Vimalaprabha

From Encyclopedia of Buddhism
Jump to: navigation, search

Vimalaprabha is a Sanskrit word that means "Stainless Light Commentary", or 'Dri-med ‘od' in Tibetan.[1] This 11th-century Tibetan Buddhist text is a commentary to the Kalachakra Tantra. The Vimalaprabha is attributed to Shambhala King Pundarika (Tibetan: Pad ma dkar po).[2] It is composed in Sanskrit and consists of 12,000 lines of text.[3] The original text has survived in the libraries of Tibetan monasteries.[4]

The verse 4.119 of the Vamalaprabha offers one of the earliest definition of the term "Hatha yoga" and a floruit. The Vimalaprabha mentions, translates Mallinson, that Hatha yoga brings about "unchanging moment through the practice of nada by forcefully making the breath enter the central channel and through restraining the bindu of the bodhicitta in the vajra of the lotus of wisdom".[5] The text criticizes Shaiva tantric tradition as ineffective, states Wallace, stating that the Shaiva method leads to a "few limited Siddhis" and that the consciousness of its followers "does not make them Shiva like".[6] The Vimalaprabha states that the knowledge of Buddha dharma is essential before the successful teaching of tantra, and one who does not know the path of the Buddha "teaches the evil path".[6]

According to Johan Elverskog, the Vimalaprabha provides evidence that the Buddhists who composed this text, along with the Kalachakra Tantra, were aware of the Islamic theology and the core differences between the precepts and premises of Muslims and Buddhists by the 11th-century. The differences were deemed so significant that the text refers to Muslims as barbarians.[7] In other sections it calls Muslims as enemies or mlecchas, assertions that have led scholars to date the text after the 10th-century Islamic invasions of regions inhabited by Buddhist monks.[8]

According to John Newman, the Vimalaprabha mentions an event in the year "403" in Tibetan number symbols stating it to be the "year of the lord of the barbarians".[4] This combined by the text's statement that "Muhammad is the incarnation of al-Rahman" and the teacher of the barbarian dharma (religion), states Newman, suggests that the 403 year must be in the era of Hijra, or equal 1012-1013 CE. This supports the dating of this text to about 1027 CE by Tibetan and Western scholars.[4]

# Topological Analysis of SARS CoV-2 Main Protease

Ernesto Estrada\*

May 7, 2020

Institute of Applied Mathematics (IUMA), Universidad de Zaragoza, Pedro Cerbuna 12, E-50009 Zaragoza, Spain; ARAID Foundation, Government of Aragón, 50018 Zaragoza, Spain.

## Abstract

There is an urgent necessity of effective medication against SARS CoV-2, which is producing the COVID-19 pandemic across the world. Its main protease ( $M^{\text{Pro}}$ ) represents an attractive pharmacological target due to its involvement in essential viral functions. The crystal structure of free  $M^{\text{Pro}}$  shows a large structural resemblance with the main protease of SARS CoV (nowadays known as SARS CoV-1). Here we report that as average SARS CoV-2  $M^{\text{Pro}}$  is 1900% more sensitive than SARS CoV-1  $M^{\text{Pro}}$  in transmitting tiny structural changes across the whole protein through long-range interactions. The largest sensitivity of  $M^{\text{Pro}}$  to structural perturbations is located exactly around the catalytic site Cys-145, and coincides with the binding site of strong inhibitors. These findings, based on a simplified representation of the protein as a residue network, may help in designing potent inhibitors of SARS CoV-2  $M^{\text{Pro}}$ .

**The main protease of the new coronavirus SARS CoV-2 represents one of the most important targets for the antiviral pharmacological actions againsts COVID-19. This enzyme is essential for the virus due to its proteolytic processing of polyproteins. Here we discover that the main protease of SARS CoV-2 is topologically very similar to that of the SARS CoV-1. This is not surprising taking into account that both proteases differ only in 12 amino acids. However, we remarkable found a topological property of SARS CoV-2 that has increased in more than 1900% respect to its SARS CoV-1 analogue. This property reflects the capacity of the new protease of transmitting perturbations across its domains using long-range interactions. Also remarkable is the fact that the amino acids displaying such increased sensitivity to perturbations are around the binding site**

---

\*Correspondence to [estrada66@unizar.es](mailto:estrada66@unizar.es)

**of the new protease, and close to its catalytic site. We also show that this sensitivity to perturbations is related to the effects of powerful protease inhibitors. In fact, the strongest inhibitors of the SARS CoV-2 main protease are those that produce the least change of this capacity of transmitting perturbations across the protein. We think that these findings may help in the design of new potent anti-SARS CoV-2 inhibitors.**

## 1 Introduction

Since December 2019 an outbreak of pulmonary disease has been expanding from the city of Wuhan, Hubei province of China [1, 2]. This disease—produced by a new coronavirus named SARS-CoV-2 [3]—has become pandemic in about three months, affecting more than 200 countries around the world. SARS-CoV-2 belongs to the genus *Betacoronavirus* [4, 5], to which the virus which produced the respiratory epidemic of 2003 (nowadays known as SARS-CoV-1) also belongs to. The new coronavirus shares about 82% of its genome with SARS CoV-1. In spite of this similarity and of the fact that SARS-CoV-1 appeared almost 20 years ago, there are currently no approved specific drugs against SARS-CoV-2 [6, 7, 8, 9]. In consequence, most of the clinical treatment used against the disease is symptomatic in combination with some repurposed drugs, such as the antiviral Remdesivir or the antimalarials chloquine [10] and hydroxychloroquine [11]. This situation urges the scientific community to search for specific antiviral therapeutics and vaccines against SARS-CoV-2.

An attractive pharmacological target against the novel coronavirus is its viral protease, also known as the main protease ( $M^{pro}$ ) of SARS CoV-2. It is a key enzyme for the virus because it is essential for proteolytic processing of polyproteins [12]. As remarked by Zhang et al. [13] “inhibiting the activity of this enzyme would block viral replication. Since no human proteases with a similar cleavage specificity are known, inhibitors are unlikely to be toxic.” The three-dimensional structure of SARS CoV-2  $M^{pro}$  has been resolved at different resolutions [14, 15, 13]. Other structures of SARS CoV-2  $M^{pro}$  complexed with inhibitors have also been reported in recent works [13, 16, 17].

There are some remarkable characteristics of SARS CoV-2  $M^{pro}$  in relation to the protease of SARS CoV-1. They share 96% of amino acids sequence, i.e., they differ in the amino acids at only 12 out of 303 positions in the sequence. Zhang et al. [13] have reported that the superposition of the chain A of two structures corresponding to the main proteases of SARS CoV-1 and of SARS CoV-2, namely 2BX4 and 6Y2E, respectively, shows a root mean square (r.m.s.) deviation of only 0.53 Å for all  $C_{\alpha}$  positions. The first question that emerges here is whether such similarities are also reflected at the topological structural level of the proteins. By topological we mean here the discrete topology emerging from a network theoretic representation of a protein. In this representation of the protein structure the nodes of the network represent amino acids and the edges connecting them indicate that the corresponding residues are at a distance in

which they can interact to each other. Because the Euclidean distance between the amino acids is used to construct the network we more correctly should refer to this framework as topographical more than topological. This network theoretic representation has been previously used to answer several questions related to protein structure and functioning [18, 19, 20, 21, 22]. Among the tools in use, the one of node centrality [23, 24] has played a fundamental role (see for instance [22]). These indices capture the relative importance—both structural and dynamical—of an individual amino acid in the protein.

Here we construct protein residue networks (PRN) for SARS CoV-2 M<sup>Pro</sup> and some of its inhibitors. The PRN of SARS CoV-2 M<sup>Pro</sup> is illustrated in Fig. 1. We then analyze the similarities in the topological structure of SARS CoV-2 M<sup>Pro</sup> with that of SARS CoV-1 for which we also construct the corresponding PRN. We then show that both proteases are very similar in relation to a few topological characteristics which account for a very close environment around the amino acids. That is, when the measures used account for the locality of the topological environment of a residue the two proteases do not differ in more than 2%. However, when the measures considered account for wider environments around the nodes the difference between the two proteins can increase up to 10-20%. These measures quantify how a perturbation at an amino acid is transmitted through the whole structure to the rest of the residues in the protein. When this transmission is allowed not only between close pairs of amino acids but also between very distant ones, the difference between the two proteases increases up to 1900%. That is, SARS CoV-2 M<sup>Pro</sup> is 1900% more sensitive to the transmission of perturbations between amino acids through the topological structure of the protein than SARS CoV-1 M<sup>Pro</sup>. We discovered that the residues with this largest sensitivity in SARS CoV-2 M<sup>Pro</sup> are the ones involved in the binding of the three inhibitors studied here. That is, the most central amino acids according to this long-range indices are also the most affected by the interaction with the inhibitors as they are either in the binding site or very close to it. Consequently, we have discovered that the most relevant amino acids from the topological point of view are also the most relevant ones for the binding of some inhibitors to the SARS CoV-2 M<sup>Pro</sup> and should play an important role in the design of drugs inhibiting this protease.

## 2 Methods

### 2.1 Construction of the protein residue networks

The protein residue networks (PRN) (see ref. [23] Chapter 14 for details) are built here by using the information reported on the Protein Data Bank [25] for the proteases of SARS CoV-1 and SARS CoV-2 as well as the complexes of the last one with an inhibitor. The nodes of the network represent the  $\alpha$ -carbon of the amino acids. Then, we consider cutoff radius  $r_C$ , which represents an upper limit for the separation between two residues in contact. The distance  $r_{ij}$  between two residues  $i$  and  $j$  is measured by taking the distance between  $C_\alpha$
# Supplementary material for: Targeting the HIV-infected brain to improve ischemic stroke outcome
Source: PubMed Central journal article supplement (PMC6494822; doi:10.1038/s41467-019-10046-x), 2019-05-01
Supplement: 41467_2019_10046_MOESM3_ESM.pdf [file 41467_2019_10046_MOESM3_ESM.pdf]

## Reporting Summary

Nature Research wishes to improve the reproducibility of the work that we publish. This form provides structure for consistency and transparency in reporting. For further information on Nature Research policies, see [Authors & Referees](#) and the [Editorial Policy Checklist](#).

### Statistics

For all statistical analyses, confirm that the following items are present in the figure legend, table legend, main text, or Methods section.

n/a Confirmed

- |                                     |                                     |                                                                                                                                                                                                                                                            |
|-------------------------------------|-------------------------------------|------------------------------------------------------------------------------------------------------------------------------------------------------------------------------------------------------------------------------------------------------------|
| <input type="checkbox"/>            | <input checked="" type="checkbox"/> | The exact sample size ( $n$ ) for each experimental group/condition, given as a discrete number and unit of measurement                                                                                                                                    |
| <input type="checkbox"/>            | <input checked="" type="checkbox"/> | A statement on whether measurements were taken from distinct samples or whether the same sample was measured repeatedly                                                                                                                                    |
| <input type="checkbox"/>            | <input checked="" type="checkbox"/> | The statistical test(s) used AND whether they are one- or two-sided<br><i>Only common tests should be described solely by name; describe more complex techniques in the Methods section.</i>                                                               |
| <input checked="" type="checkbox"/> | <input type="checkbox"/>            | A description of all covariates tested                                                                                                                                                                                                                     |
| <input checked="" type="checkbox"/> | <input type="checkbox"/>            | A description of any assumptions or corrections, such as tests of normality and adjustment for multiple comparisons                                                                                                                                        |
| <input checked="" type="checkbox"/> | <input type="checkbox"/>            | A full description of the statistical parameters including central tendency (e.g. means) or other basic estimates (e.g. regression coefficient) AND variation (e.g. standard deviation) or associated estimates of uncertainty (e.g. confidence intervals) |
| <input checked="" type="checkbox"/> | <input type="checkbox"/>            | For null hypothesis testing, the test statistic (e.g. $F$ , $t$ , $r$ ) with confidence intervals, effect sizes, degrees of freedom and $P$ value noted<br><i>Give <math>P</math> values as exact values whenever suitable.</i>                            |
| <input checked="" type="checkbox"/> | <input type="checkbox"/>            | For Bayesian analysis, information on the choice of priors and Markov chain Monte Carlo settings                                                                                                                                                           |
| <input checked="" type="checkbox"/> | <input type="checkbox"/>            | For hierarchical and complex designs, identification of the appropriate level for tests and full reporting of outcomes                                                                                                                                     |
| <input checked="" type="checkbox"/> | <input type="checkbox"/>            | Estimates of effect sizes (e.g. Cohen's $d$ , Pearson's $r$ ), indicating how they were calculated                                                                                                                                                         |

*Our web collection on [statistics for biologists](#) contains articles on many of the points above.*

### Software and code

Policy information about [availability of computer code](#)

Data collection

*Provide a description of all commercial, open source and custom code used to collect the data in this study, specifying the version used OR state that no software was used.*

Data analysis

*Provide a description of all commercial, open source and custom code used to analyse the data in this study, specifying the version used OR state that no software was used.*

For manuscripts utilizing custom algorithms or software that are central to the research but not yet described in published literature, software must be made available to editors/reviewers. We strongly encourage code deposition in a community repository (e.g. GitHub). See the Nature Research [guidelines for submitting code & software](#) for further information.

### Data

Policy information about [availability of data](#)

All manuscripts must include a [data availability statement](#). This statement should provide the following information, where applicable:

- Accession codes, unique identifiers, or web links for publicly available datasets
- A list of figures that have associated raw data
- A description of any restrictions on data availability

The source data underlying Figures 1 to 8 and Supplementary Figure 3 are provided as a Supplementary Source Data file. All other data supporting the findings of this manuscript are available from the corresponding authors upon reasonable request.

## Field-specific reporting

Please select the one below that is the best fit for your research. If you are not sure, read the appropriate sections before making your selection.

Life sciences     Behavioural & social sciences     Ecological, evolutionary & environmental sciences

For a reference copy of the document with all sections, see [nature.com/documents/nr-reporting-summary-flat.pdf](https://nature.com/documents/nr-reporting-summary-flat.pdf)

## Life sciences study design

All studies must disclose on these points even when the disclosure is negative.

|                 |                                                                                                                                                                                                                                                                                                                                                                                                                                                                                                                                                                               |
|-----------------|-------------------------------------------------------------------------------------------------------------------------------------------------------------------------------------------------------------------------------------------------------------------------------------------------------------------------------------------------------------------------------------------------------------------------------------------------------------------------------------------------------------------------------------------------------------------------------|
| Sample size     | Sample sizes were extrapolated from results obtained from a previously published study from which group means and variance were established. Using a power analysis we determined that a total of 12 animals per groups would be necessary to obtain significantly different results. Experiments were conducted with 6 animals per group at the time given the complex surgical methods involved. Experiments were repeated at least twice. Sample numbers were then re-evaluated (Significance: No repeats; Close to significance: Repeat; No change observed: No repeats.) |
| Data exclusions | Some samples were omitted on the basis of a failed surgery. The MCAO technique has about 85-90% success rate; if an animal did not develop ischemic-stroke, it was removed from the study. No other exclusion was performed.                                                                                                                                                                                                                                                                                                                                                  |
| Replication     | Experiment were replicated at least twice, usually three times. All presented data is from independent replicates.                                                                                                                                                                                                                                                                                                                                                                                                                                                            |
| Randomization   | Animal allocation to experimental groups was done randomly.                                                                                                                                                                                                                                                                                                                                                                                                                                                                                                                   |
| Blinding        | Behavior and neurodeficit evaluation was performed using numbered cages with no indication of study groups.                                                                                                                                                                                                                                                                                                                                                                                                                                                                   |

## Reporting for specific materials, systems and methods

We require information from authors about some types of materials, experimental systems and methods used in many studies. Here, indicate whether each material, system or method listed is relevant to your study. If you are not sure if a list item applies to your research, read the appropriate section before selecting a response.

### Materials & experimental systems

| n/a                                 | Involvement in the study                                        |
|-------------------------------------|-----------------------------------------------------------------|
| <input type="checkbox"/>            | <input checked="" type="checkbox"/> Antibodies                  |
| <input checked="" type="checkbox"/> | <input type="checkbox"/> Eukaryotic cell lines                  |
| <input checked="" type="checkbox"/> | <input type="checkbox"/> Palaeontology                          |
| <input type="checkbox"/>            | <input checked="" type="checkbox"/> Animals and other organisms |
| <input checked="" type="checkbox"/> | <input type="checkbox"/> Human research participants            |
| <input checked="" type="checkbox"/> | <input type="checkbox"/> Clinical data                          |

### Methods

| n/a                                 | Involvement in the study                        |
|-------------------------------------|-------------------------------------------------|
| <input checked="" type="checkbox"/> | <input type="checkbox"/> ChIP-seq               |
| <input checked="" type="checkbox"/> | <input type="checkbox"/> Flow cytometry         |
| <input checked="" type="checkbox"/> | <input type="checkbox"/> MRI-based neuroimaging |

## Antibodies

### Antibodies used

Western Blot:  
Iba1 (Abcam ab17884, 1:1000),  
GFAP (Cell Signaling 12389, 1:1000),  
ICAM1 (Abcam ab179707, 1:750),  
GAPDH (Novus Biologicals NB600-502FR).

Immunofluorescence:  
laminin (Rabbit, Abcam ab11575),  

The Vimalaprabha commentary, together with the Laghutantra form the basis of the Kalachakra practice as it is currently known and practiced in Tibetan Buddhism, as part of the Vajrayana practices. It is one of the three major commentaries on Kalachakra system, along with Hevajrapindarthatika and Laksabhidhana duddhrta laghutantra pindartha vivarana nama.[9]

References

  1. John Powers; David Templeman (2012). Historical Dictionary of Tibet. Scarecrow. pp. 228–229. ISBN 978-0-8108-7984-3. 
  2. Vesna Wallace (2001). The Inner Kalacakratantra: A Buddhist Tantric View of the Individual. Oxford University Press. pp. v, 1–8. ISBN 978-0-19-802848-2. 
  3. Edward A. Arnold (2009). As Long as Space Endures: Essays on the Kalacakra Tantra in Honor of H.H. the Dalai Lama. Shambhala. pp. 205–206. ISBN 978-1-55939-910-4. 
  4. 4.0 4.1 4.2 John Newman (1985). Geshe Lhundub Sopa; et al., eds. The Wheel of Time: The Kalachakra in Context. Shambhala. pp. 56–79, 85–87 with notes. ISBN 978-15593-97-797. 
  5. James Mallinson (2015). Bjarne Wernicke Olesen, ed. Goddess Traditions in Tantric Hinduism: History, Practice and Doctrine. Routledge. pp. 125 note 10. ISBN 978-1-317-58522-0. ;
    James Mallinson (2012), Saktism and Hathayoga, Yoga Vidya, pages 2-3 with footnotes 7-8
  6. 6.0 6.1 Vesna Wallace (2001). The Inner Kalacakratantra: A Buddhist Tantric View of the Individual. Oxford University Press. pp. 7–8. ISBN 978-0-19-802848-2. 
  7. Johan Elverskog (2011). Buddhism and Islam on the Silk Road. University of Pennsylvania Press. pp. 102–103, context: 98–107. ISBN 0-8122-0531-6. , Quote: "The Muslim believe that the Buddhist doctrine that a living being experiences previously created karmas in this life, and the karma created in this life in another life is false. (...) The barbarian Muslims believe that a dead man experiences happiness and suffering in heaven or hell with that human body in accordance with ar-Rahman's law. Thus, the rejection of other lives is [their] precept."
  8. Edward A. Arnold (2009). As Long as Space Endures: Essays on the Kalacakra Tantra in Honor of H.H. the Dalai Lama. Shambhala. pp. 201–208. ISBN 978-1-55939-910-4. 
  9. John Newman (1985). Geshe Lhundub Sopa; et al., eds. The Wheel of Time: The Kalachakra in Context. Shambhala. pp. 73, context: 56–79, 85–87 with notes. ISBN 978-15593-97-797. 


Further reading

  • Kilty, G. Ornament of Stainless Light, Wisdom 2004, ISBN 0-86171-452-0
  • Berzin, A. Taking the Kalachakra Initiation, Snowlion 1997, ISBN 1-55939-084-0 (available in German, French, Italian, Russian)
  • Wallace, V.A. The Inner Kalacakratantra: A Buddhist Tantric View of the Individual Oxford University Press, 2001
This article includes content from Vimalaprabha on Wikipedia (view authors). License under CC BY-SA 3.0. Wikipedia logo